Calhoun retired from NIMH in 1984, but continued to work on his research results until his death on September 7, 1995.[12]


The specific voluntary crowding of rats to which the term "behavioral sink" refers is thought to have resulted from the earlier involuntary crowding: individual rats became so used to the proximity of others while eating that they began to associate feeding with the company of other rats. Calhoun eventually found a way to prevent this by changing some of the settings and thereby decreased mortality somewhat, but the overall pathological consequences of overcrowding remained.[13]

Further, researchers argued that "Calhoun's work was not simply about density in a physical sense, as number of individuals-per-square-unit-area, but was about degrees of social interaction."[14] "Social density" appears to be key.

Applicability to humans[edit]

Calhoun had phrased much of his work in anthropomorphic terms, in a way that made his ideas highly accessible to a lay audience.[7]

Calhoun himself saw the fate of the population of mice as a metaphor for the potential fate of humankind. He characterized the social breakdown as a "spiritual death",[10] with reference to bodily death as the "second death" mentioned in the Biblical verse Revelation 2:11.[10]

Controversy exists over the implications of the experiment. Psychologist Jonathan Freedman's experiment recruited high school and university students to carry out a series of experiments that measured the effects of density on human behavior. He measured their stress, discomfort, aggression, competitiveness, and general unpleasantness. He declared to have found no appreciable negative effects in 1975.[15]

The 1962 Scientific American article came at a time when overpopulation had become a subject of great public interest, and had a considerable cultural influence.[16] However, such discussions often oversimplified the original findings in various ways. It should however be noted that the work has a more differentiated message than, for example, Paul Ehrlich's now widely disputed[17][18][19] book The Population Bomb. Calhoun's worries primarily concerned a human population surge as an early stage, such as even more so a potentially independent increase in urbanization, soon after rendering much of a given society functionally sterile. Here, one moves from some modality of over- towards a much more irredeemable underpopulation. Now, while urban populations have long been noted to have lower fertility than their rural counterparts,[20] growing use of especially digital media is likely to end up depressing rural population growth as well.[21] And while this, today, still primarily concerns elite population decline, as some find highly deleterious in itself,[22] the aforementioned modalities of positive feedback in social diffusion may have Calhoun's empirical predictions apply to a much wider segment of society as well. For one, all this seems to hold up in the case of South Korea's unsustainably low total fertility rate, having already led to societal aging comparable with Calhoun's final cohort.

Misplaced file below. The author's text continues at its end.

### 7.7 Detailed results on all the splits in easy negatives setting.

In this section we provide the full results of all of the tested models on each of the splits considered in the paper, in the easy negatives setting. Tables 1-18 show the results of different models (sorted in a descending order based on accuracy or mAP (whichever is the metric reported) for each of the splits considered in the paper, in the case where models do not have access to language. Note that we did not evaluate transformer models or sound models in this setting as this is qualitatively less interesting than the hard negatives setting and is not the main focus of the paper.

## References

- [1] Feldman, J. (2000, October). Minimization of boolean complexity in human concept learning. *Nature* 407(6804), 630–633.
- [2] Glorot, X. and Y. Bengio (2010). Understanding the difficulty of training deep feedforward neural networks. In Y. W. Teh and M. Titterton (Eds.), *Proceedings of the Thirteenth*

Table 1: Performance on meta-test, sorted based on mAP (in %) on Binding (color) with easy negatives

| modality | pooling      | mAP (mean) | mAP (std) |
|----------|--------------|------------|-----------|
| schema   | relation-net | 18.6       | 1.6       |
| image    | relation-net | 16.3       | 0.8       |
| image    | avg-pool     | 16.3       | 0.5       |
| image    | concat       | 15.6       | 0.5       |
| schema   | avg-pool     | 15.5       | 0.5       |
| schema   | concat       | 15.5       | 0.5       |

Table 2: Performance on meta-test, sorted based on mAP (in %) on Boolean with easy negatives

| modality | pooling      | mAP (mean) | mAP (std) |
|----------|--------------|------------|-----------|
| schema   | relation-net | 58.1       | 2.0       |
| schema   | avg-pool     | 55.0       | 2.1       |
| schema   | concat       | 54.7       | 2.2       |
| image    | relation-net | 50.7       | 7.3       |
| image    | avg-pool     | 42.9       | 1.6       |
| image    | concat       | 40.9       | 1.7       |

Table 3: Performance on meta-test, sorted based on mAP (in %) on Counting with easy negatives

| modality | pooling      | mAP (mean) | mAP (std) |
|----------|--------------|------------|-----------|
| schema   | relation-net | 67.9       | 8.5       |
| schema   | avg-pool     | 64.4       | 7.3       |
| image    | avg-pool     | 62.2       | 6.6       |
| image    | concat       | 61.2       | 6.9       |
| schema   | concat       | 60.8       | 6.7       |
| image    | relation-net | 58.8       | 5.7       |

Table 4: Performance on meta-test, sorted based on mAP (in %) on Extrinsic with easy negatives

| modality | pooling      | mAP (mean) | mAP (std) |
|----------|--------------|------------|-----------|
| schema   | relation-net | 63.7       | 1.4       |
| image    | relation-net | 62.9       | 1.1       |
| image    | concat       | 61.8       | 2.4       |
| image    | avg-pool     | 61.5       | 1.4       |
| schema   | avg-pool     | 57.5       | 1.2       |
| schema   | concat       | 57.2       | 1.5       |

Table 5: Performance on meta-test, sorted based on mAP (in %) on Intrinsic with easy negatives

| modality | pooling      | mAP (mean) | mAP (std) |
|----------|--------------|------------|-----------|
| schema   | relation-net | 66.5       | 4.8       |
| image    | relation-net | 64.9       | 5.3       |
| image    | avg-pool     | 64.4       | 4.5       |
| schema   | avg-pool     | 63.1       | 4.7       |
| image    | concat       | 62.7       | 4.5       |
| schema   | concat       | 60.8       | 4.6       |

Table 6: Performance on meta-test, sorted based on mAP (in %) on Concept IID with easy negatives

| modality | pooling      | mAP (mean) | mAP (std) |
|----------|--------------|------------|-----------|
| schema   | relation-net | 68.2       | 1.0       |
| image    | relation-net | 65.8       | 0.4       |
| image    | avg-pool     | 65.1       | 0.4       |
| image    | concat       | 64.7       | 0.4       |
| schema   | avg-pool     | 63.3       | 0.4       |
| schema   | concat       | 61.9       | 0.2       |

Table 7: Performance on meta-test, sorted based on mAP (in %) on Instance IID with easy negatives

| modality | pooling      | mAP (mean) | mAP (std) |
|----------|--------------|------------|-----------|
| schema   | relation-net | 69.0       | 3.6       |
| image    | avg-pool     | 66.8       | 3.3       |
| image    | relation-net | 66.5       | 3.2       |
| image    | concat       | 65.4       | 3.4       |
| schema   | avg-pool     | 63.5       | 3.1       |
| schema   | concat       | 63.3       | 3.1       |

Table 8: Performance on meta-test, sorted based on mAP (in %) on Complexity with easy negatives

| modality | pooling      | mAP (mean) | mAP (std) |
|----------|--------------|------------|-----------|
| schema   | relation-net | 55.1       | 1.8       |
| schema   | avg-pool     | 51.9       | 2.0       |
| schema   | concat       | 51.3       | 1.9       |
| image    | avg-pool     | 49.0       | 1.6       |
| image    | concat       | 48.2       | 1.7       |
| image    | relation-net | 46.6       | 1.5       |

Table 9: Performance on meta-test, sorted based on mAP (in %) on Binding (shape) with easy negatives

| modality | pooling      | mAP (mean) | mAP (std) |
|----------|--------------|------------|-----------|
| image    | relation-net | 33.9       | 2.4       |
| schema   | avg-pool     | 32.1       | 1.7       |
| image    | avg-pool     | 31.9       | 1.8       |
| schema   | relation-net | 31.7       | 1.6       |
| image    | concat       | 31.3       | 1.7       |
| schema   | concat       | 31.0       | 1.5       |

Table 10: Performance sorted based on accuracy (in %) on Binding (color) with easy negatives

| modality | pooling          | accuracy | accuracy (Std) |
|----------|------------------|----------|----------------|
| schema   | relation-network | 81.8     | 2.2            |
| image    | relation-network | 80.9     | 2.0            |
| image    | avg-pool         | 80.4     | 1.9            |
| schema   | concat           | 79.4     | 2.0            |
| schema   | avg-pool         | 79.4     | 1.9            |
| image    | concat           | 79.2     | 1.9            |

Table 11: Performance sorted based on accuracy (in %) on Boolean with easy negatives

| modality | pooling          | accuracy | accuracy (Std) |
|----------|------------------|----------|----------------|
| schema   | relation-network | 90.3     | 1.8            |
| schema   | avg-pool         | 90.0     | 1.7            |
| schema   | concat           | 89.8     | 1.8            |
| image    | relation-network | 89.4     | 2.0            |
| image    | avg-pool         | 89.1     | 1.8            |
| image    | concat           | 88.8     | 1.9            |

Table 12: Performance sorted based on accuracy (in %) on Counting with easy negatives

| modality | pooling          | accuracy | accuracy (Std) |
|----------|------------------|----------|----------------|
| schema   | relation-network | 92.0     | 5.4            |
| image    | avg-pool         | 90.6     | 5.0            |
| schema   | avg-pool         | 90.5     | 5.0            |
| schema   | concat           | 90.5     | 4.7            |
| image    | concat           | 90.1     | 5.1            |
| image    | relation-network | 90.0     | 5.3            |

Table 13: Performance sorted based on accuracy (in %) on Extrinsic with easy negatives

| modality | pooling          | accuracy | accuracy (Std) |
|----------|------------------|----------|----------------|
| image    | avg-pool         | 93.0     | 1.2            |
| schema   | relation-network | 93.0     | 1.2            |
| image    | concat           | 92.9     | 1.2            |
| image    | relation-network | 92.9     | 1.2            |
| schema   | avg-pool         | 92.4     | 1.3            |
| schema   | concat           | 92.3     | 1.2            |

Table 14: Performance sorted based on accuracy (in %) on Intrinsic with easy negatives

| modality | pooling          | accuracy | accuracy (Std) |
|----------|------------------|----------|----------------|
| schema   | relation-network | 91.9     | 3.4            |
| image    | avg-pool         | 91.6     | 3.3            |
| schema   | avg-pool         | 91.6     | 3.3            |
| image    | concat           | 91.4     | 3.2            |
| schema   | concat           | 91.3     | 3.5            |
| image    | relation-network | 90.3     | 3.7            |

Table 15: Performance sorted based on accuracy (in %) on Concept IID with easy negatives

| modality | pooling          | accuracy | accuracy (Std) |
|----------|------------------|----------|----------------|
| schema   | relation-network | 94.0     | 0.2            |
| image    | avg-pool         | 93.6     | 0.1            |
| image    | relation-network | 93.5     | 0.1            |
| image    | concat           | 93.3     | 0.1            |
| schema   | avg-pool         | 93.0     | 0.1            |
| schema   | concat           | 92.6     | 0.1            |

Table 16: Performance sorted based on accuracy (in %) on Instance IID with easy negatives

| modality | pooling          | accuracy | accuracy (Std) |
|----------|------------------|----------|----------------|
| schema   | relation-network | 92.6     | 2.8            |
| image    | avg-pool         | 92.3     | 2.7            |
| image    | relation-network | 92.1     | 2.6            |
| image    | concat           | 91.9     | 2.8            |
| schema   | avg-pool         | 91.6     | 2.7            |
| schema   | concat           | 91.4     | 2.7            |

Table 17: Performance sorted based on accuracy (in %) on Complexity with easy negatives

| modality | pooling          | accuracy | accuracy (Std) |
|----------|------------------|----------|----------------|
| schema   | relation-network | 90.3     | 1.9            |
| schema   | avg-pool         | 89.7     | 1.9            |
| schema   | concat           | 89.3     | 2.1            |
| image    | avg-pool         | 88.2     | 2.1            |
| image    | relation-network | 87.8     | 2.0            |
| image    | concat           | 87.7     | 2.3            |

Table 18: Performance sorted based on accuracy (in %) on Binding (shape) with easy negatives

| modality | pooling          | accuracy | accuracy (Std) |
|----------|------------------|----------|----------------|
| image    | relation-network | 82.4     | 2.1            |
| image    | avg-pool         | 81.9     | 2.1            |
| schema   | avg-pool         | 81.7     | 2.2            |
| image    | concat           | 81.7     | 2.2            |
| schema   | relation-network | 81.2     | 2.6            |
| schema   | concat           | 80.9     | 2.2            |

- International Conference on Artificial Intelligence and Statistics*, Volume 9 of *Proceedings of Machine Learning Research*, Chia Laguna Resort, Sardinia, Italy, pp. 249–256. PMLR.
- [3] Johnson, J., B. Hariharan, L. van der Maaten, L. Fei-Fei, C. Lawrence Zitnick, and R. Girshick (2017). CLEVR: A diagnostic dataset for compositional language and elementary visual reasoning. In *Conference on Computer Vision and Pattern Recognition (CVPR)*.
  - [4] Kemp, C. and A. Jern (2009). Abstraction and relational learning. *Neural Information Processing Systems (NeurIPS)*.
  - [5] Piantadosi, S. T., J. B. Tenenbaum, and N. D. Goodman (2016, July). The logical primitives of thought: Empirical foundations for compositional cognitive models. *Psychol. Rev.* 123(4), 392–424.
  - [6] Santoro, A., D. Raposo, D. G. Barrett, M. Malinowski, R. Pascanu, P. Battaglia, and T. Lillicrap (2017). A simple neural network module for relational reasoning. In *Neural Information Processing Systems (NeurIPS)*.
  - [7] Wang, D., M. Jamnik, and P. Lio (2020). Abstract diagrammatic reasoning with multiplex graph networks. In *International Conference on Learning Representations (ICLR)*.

See also[edit]


  1. ^ Hall, Edward, T. (1966). The Hidden Dimension: An Anthropologist Examines Humans' Use of Space in Public and in Private. Anchor Books. p. 25. ASIN B0006BNQW2.{{cite book}}: CS1 maint: multiple names: authors list (link)
  2. ^ "John B. Calhoun and his Rat Utopia". DemystifySci. 2020-07-22. Retrieved 2024-05-08.
  3. ^ "Behavioral Sink definition | Psychology Glossary |". Retrieved 2024-05-08.